There are a few reasons such restrictions exist. In the case of the Virginia city, after a lot of investigation, we figured out that Comcast and Verizon had lobbied to restrict the use of state-funded fiber. The restriction wasn’t from a specific law in this case but had been written into state grant awards. In some cases such restrictions are written in state law, which likely is also due to lobbying by the big telcos and cable companies. We’ve found a few restrictions against using government-funded fiber that seem to come from bureaucrats who simply invented the rules without understanding the long-term ramifications.

The COVID-19 pandemic has shown us that all of these restrictions must go. Government-funded fiber ought to be made available to ISPs, cities or others that want to use it to solve the digital divide. It’s ridiculous for the country to be sitting on huge amounts of empty fiber due to stupid political restrictions or boneheaded bureaucratic decisions at a time when people don’t have broadband in their homes.

The only way to fix this is in Congress. They could write and a pass a short simple bill that would remove all restrictions against using fiber funding by the government. The federal law should override contracts, state laws, and any restrictions created by state or federal agencies. The FCC sadly can’t consider this kind of ruling since they have written themselves almost completely out of the broadband regulation business. Since the FCC killed its own regulatory powers, a federal law should give the power to state regulatory commissions to work out any details.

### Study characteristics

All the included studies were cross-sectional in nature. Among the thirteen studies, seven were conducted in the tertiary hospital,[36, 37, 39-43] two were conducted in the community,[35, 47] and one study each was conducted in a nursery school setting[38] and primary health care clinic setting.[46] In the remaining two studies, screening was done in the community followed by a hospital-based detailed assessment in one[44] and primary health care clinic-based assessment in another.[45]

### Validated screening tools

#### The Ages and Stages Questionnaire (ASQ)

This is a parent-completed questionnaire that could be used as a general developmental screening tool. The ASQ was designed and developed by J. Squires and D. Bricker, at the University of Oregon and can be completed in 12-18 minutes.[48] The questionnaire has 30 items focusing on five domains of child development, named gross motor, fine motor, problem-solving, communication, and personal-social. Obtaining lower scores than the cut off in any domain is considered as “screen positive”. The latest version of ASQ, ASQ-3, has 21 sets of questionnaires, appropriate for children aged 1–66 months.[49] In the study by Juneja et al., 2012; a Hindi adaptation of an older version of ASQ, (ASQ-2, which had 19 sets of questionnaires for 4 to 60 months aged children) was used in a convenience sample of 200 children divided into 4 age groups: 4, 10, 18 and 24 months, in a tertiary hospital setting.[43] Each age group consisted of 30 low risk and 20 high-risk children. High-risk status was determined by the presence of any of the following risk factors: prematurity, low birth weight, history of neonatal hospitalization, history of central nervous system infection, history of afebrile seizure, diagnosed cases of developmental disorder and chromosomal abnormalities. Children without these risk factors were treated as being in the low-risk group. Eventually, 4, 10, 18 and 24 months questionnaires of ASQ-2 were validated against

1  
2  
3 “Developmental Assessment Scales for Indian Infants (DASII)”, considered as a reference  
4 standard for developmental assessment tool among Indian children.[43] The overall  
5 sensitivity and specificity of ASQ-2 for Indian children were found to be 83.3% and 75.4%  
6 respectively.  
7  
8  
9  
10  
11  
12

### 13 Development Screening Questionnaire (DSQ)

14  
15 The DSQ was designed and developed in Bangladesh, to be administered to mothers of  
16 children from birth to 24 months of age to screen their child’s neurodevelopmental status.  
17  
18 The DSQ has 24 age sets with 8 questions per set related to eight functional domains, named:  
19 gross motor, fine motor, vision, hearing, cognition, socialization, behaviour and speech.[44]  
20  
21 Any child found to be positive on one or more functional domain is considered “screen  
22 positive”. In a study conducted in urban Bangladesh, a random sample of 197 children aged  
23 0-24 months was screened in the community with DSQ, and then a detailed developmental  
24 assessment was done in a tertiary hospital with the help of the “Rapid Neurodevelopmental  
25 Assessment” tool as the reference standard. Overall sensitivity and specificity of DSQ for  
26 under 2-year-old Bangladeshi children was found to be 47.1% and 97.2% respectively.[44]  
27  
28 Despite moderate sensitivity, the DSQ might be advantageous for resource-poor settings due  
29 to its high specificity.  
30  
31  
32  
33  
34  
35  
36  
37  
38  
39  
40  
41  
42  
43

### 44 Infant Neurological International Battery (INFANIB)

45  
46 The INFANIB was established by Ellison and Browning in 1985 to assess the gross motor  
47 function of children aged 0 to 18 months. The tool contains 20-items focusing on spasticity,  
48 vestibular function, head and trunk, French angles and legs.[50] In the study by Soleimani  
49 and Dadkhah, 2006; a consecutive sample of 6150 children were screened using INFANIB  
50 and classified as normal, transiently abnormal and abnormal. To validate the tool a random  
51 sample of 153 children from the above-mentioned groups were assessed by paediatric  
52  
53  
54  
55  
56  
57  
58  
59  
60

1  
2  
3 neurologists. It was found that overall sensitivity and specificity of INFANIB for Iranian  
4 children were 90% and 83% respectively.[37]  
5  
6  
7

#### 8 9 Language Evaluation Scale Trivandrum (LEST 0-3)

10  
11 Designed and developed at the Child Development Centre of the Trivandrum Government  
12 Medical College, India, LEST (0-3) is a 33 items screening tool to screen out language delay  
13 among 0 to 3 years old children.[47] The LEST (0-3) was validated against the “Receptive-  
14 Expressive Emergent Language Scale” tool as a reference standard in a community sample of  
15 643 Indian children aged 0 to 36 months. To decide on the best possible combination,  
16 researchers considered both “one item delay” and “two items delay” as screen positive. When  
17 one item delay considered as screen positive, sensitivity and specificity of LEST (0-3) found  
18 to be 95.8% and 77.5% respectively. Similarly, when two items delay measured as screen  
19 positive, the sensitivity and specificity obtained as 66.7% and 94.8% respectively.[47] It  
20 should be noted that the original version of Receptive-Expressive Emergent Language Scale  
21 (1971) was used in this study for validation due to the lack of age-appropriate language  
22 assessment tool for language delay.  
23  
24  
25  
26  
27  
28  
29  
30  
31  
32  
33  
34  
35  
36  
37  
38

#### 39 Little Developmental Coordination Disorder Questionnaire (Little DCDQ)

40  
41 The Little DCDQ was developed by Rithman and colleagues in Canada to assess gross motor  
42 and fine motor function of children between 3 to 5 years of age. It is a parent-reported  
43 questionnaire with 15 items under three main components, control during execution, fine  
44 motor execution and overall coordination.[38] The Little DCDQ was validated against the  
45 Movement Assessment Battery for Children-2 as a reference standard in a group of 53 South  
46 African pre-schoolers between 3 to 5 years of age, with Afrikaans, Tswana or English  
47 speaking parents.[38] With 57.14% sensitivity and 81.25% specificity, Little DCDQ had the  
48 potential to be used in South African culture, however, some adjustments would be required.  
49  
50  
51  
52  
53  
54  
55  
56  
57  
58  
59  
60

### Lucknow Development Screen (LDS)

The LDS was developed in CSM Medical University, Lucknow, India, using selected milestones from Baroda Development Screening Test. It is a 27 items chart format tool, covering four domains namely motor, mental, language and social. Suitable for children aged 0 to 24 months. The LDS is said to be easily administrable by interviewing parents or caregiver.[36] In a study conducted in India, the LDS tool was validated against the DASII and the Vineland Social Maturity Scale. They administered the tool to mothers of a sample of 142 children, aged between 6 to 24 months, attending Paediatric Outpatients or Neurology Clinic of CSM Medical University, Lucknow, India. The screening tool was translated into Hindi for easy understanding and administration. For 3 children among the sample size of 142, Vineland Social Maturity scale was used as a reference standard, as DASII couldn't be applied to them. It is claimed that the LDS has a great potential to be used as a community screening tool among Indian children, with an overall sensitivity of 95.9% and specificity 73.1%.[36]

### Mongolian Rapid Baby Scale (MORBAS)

I run into people all of the time who are upset because they live close to fiber but have no broadband. They get doubly mad when they find out that the fiber was funded by their tax dollars to provide broadband to highway signs or to serve a nearby school. A new law won’t automatically bring relief to everybody who lives near fiber because you shouldn’t cut into a long-haul fiber anywhere except existing access points. However, there is a huge amount of government-funded fiber in the world and this one simple change would unleash ISPs to find many more last-mile solutions.

T-Mobile Needs to Step Up

The T-Mobile Sprint merger became official on April 1. Since we are in the middle of the Covid-19 pandemic, the country needs T-Mobile to keep a few of the promises it made that were contingent upon the merger.